If (hypothetically) the Executive wants to amend the Constitution in a manner which serves the political interests of the ruling party at the expense of civil liberties, and if the ruling party has the requisite two-thirds majority in Parliament to pass such amending legislation, who will defend the citizens’ rights from being encroached upon?

What will be the role of the Attorney-General in such a hypothetical scenario?  As the Government’s legal adviser, the Attorney-General would presumably defend the Government’s position with all its best efforts.

Screen-shot from http://www.singapore-elections.com/parl-1997-ge/cheng-san-grc.html 
Workers’ Party’s Complaint in GE 1997

In the aftermath of the 1997 General Elections, the Workers' Party complained to the police that PAP leaders (Prime Minister Mr Goh Chok Tong, Deputy Prime Minister Dr Tony Tan and Deputy Prime Minister Brigadier-General (NS) Lee Hsien Loong) had been inside a Cheng San GRC polling station on Polling Day, when none of them were candidates for Cheng San GRC[6].

The Workers' Party cited two sections of the Parliamentary Elections Act:

Section 82(1)(d):
"No person shall wait outside any polling station on polling day, except for the purpose of gaining entry to the polling station to cast his vote". 

Section 82(1)(e):
"No person shall loiter in any street or public place within a radius of 200 metres of any polling station on polling day."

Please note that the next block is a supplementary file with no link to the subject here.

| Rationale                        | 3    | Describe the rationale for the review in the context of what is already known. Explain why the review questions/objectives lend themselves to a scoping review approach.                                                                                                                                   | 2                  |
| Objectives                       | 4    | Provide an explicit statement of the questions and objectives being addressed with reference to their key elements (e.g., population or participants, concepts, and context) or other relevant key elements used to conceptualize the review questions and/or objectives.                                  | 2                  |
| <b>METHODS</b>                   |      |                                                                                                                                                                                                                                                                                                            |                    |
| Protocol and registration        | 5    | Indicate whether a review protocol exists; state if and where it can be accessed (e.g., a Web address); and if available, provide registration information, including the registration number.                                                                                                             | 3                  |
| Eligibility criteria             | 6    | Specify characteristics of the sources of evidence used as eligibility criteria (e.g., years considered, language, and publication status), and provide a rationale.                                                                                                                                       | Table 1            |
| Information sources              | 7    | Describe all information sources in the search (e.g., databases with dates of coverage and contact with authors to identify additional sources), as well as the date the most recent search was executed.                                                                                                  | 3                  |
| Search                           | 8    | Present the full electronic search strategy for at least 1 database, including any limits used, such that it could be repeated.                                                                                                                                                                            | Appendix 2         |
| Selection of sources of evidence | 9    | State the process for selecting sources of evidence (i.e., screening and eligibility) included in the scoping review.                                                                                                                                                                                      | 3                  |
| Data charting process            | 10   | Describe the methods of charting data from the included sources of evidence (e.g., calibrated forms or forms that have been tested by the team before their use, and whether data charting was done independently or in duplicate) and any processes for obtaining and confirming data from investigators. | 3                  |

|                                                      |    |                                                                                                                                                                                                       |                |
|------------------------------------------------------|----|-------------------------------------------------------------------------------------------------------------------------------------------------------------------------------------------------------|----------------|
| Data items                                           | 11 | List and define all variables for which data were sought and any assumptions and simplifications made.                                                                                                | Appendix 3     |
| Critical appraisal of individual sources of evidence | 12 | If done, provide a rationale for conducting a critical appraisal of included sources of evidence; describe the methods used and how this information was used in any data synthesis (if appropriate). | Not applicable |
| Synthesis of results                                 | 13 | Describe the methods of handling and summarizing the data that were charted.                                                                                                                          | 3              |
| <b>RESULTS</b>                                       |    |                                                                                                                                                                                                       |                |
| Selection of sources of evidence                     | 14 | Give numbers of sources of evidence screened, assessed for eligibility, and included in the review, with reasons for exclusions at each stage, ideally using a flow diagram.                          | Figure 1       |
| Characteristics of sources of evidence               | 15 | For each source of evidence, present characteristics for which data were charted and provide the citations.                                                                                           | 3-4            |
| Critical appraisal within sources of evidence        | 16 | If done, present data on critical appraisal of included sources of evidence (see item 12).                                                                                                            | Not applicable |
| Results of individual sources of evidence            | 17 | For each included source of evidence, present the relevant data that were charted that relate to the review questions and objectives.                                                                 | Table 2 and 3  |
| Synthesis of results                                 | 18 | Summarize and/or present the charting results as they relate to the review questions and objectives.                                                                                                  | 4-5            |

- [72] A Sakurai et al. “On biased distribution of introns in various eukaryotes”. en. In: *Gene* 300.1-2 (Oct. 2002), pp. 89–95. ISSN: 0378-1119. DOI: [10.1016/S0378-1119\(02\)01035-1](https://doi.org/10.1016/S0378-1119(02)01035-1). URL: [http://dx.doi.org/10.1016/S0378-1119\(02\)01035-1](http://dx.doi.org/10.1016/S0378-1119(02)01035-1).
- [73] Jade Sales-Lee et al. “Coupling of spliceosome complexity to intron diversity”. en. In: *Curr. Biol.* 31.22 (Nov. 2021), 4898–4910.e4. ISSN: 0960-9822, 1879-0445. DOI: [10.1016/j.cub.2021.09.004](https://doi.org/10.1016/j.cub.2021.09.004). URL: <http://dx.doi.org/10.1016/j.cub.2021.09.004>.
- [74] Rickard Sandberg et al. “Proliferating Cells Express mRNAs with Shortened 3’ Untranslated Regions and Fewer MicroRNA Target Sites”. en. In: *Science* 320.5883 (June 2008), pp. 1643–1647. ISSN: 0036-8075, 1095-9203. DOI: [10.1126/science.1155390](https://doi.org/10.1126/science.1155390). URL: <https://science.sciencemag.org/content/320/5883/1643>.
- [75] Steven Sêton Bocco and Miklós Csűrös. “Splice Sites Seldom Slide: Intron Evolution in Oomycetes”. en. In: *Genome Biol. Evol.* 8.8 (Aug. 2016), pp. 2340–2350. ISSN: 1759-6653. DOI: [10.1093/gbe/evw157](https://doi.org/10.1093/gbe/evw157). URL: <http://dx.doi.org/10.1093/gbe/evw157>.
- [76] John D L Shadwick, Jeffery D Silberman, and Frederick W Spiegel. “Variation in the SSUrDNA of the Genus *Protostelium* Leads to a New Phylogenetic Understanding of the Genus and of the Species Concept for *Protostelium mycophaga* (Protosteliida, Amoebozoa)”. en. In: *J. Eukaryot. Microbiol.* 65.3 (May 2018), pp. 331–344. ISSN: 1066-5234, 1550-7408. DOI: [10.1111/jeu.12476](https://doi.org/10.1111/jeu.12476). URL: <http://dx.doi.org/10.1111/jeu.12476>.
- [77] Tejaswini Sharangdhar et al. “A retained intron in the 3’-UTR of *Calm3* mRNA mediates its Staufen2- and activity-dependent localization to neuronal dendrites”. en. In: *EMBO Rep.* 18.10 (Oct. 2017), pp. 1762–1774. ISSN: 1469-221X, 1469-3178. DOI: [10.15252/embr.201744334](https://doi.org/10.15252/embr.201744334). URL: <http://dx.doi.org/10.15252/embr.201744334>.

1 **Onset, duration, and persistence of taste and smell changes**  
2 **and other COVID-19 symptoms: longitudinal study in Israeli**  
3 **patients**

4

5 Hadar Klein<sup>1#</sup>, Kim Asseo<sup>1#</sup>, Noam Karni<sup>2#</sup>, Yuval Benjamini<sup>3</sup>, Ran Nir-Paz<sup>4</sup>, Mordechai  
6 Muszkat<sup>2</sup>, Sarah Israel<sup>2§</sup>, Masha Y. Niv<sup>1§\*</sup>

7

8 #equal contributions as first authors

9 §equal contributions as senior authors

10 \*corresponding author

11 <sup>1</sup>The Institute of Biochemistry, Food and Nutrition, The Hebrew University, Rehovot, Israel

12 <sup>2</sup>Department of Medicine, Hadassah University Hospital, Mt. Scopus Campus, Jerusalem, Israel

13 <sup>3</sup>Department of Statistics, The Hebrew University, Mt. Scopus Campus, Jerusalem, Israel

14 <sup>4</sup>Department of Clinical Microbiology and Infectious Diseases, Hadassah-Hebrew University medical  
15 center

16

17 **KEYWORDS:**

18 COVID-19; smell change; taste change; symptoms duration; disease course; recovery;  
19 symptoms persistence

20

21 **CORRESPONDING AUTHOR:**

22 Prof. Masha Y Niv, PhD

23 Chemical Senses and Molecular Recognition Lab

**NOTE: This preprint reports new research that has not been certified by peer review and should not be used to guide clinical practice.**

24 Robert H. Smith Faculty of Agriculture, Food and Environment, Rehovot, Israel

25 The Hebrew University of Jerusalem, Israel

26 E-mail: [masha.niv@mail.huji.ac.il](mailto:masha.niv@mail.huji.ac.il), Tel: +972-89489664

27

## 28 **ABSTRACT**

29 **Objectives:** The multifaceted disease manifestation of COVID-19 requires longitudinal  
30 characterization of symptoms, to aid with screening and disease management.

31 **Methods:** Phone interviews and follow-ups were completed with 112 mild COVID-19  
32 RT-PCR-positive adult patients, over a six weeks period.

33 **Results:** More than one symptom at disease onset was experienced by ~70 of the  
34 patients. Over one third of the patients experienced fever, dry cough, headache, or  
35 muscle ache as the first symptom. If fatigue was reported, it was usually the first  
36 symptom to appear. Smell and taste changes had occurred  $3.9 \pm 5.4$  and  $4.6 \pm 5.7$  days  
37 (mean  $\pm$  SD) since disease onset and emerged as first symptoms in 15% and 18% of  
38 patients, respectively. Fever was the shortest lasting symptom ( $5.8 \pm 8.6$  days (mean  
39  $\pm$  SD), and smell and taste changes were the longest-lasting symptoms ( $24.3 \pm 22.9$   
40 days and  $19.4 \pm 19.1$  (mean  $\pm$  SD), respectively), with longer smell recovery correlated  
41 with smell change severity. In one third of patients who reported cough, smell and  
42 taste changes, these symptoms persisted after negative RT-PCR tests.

However, the Attorney-General stated that the PAP leaders had not broken the law.  

Pointing to the use of the word “outside” in Section 82(1)(d), the Attorney-General explained[7]:

“Plainly, persons found waiting inside the polling stations do not come within the ambit of this section. …. Only those who wait outside the polling station commit an offence under this section unless they are waiting to enter the polling station to cast their votes.”

As for Section 82(1)(e), the Attorney-General pointed to the use of the word “within” and explained[8]:

“The relevant question is whether any person who is inside a polling station can be said to be "within a radius of 200 metres of any polling station". …Plainly, a person inside a polling station cannot be said to be within a radius of 200 metres of a polling station.”

If at that time, Singapore had an independent election body overseeing the election procedures, I think the Workers’ Party would probably have lodged their complaint to such a body instead of lodging their complaint to the police as they did.  I wonder how such an independent election body would have dealt with the Workers’ Party’s complaint.

In the English case of Adler v George [1964] 2 QB 7, the UK Official Secrets Act 1920 stated that it was an offence to obstruct a member of the armed forces “in the vicinity” of a prohibited place. The defendant was in the station at the time of the obstruction.  He argued that if he was on the station he could not be in the vicinity of the station. The court held that it would be absurd for a person to be liable if they were near to a prohibited place and not if they were actually in it.  The defendant’s conviction of the offence was upheld.
List of legislation amending the Constitution

Amending the Constitution

As we know, the provisions of the Constitution may be amended by the votes of two-thirds of the total number of elected MPs, which works out to 58 out of the current 87 parliamentary seats.  This has been done numerous times in the past. Since 1965 to date, there have been 37 acts of parliament to amend the Singapore Constitution.

More importantly, Singapore’s electoral system has been amended at least four times since 1984, each of these amendments coming into effect shortly before general elections, as the following table illustrates:[9]